Family limited partnership may be preferable to a family gift trust.
In addition, donors may be concerned about the inflexibility of an irrevocable trust or the difficulties in managing family investment and business activities when an "independent trustee" is mandated (i.e., when the trustee has discretionary power to distribute income and principal). There may also be concerns as to the selection of the trustee and general loss of management direction within the family.
Recent letter and revenue rulings announce principles that enhance a family limited partnership as a gift vehicle. In Letter Ruling (TAM) 9131006, the IRS held that gifts of limited partnership interests were present interest gifts eligible for the Federal gift tax annual exclusions, even though the donor was the general partner otherwise controlling the family limited partnership. Similarly, in Letter Ruling 9310039, the Service concluded that a gift by a general partner of his limited partner interests (98% of the entire partnership) to his spouse did not involve terminable interest property and therefore qualified for the unlimited Federal gift tax marital deduction.
The IRS has accepted court decisions that hold that a minority discount can be used to value the gift of stock in a family corporation when the gift itself involved a minority stockholding, even though the donor and donee or donees as a group control the corporation (Rev. Rul. 93-12). The courts had reasoned that the donee holding a minority stockholding could not force liquidation of the corporation to reach its underlying assets. The same principle should apply to gifts of limited partner interests if there are at least two general partners. Death or insolvency of a general partner need not dissolve the partnership when the other general partner continues to manage the partnership property. In the absence of dissolution, the donee limited partners would not have the power to vote on whether the limited partnership should be reconstituted.
In Rev. Proc. 93-27, the IRS clarified the treatment of a transfer of a partnership profits interest in consideration of future services of the transferee. Receipt of the interest in partnership profits will not constitute taxable compensation income unless there is a substantially certain and predictable stream of income from partnership assets (such as high-quality debt securities or a high-quality net lease), or the partner disposes of the interest in partnership profits within two years after the date of receipt. (A transferee of corporate stock necessarily will report taxable income based on its fair market value, since the capital and profits interests are not divided.) in addition, in the case of Moore, TC Memo 1991-546, the Tax Court held that marketability and minority discounts justified a 35% reduction in the intrinsic value of partnership interests in computing the value of gifts of general partner interests.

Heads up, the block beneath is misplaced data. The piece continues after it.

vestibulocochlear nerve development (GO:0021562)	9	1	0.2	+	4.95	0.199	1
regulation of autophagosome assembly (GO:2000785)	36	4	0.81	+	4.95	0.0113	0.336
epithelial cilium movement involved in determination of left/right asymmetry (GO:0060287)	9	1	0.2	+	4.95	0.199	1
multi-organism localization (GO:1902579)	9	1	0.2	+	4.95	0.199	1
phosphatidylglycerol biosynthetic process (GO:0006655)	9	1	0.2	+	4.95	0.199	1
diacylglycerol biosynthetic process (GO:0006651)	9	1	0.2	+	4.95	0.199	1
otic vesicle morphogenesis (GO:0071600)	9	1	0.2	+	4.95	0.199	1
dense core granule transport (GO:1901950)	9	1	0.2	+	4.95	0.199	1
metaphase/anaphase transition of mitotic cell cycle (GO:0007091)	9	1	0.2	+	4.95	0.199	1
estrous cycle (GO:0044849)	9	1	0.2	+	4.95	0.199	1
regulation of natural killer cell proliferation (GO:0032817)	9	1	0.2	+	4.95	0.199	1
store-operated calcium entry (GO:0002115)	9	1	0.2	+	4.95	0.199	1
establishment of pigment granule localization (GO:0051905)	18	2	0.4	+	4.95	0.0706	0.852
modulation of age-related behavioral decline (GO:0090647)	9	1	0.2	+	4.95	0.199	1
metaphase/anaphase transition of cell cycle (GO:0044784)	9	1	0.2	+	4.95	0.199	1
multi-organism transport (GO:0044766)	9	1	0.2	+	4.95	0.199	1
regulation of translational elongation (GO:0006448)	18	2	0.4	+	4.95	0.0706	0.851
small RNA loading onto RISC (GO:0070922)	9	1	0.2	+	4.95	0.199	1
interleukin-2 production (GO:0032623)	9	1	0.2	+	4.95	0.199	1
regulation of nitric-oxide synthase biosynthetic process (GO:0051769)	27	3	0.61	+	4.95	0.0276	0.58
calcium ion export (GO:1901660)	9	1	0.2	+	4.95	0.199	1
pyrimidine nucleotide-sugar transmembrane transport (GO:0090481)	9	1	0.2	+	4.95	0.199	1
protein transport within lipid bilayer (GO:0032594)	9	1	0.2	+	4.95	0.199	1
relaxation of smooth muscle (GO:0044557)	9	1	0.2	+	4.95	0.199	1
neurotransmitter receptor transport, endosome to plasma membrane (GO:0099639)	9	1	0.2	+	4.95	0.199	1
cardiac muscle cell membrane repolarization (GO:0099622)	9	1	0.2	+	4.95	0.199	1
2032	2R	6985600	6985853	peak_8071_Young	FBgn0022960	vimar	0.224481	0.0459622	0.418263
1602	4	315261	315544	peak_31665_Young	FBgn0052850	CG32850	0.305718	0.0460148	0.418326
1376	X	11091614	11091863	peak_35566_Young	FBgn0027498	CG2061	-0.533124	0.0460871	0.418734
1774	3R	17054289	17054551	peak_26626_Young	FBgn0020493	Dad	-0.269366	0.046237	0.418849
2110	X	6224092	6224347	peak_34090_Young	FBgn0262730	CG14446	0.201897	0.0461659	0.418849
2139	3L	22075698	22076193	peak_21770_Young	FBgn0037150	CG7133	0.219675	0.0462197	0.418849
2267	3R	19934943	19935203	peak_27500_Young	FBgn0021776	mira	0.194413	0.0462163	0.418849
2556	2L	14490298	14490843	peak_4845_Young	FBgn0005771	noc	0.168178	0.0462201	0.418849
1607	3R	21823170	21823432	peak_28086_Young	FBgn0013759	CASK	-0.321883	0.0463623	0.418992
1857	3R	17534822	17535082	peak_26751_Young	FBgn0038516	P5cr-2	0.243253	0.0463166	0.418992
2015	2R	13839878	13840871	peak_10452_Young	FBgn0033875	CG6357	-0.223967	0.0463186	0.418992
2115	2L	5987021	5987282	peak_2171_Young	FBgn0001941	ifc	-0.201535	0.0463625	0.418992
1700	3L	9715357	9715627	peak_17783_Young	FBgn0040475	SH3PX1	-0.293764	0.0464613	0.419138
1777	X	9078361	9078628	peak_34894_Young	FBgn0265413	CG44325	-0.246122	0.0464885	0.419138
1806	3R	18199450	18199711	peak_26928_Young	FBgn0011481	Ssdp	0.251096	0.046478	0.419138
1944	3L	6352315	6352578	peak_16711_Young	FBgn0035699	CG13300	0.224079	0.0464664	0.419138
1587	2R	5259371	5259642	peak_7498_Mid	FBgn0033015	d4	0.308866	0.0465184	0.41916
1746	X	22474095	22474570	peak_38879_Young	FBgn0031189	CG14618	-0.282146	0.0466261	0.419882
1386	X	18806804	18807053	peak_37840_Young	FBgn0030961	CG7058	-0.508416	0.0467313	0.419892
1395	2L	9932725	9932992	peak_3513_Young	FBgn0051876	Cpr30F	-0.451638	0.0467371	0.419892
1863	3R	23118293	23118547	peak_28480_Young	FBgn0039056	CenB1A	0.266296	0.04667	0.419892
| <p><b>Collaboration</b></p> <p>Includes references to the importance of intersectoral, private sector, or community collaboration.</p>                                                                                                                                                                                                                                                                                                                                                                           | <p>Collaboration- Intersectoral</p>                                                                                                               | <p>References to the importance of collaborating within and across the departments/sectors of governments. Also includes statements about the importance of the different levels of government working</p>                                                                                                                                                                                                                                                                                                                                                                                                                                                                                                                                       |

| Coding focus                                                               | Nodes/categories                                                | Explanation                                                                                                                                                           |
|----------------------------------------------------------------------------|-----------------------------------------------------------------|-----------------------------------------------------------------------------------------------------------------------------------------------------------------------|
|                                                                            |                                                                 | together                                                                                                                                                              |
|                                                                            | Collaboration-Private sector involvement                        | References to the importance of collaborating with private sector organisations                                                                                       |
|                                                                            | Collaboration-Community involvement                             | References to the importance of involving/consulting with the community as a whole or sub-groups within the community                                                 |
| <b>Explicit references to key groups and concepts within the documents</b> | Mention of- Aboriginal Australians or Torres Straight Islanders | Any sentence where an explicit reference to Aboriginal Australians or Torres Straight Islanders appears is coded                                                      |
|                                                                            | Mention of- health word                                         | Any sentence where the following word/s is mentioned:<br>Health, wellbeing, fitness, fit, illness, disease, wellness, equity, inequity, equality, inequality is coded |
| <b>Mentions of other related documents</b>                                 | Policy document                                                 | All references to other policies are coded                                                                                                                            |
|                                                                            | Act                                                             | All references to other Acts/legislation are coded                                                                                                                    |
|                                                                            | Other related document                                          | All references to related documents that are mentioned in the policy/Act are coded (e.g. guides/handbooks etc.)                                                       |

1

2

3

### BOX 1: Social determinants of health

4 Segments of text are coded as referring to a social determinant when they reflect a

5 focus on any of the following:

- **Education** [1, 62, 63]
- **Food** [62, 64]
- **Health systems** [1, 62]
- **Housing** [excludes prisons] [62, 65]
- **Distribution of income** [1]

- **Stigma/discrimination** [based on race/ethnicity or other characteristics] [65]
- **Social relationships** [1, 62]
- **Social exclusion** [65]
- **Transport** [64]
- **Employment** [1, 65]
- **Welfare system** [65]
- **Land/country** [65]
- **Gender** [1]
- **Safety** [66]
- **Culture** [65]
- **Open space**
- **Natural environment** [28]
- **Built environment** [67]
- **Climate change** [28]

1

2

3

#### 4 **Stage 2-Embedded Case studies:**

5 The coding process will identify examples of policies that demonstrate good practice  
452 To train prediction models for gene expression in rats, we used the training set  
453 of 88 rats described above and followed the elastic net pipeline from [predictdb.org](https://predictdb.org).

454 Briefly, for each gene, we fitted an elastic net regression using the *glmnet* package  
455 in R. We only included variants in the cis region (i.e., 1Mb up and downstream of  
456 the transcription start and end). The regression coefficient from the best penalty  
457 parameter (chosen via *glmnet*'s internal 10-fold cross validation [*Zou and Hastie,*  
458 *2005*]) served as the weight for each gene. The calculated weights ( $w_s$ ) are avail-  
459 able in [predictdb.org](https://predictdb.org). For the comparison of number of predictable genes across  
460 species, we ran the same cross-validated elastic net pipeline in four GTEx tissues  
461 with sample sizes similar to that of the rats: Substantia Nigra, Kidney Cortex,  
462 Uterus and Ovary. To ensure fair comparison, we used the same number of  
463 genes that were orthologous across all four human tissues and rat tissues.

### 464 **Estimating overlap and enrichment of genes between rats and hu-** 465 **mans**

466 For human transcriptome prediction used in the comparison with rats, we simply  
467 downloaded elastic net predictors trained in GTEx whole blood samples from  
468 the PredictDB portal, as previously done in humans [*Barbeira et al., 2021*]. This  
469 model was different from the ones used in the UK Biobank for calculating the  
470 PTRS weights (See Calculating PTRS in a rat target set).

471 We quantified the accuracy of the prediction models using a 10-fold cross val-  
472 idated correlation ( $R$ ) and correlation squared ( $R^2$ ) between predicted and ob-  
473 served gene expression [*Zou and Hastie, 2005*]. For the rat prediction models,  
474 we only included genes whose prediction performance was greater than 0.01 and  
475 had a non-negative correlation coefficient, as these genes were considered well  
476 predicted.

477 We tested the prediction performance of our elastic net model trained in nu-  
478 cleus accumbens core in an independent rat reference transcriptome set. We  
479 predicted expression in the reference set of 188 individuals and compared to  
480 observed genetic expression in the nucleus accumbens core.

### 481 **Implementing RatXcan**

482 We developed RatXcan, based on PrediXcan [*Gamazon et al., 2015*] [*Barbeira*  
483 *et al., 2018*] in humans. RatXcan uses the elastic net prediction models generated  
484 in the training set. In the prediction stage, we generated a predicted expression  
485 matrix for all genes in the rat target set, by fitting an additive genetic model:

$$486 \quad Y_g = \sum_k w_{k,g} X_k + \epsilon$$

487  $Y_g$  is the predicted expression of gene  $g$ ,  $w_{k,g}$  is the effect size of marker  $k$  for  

The gift vehicle can be established with transfer of investment and business property to the partnership by the "founder" followed by gifts of (usually limited) partnership interests to the donees. The gifts qualify for the annual exclusion, the marital deduction when applicable, and should be discounted 35% from their intrinsic underlying value in computing the taxable gifts.
Beyond these tax advantages, the family limited partnership permits the founder (donor) to control cash distributions, consolidate business and investment management, and establish investment policies by business judgment (rather than the stricter prudent fiduciary rule). Protection against future preditors and marital dissolutions is obtained to a certain extent, since claimants against the limited partner usually can obtain only a "charging order," which reaches only actual distributions on the related limited partnership interest.
Importantly, the partnership agreement can be amended to provide for resolution of disputes by arbitration rather than litigation. An improved "attitude" often is achieved because the donees participate in partnership meetings and collaborate in the family investment and business endeavors, rather than serving only in a "remittance man" role.
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|Author:||Hjelmstad, Robert P.|
|Publication:||The Tax Adviser|
|Date:||Jan 1, 1994|
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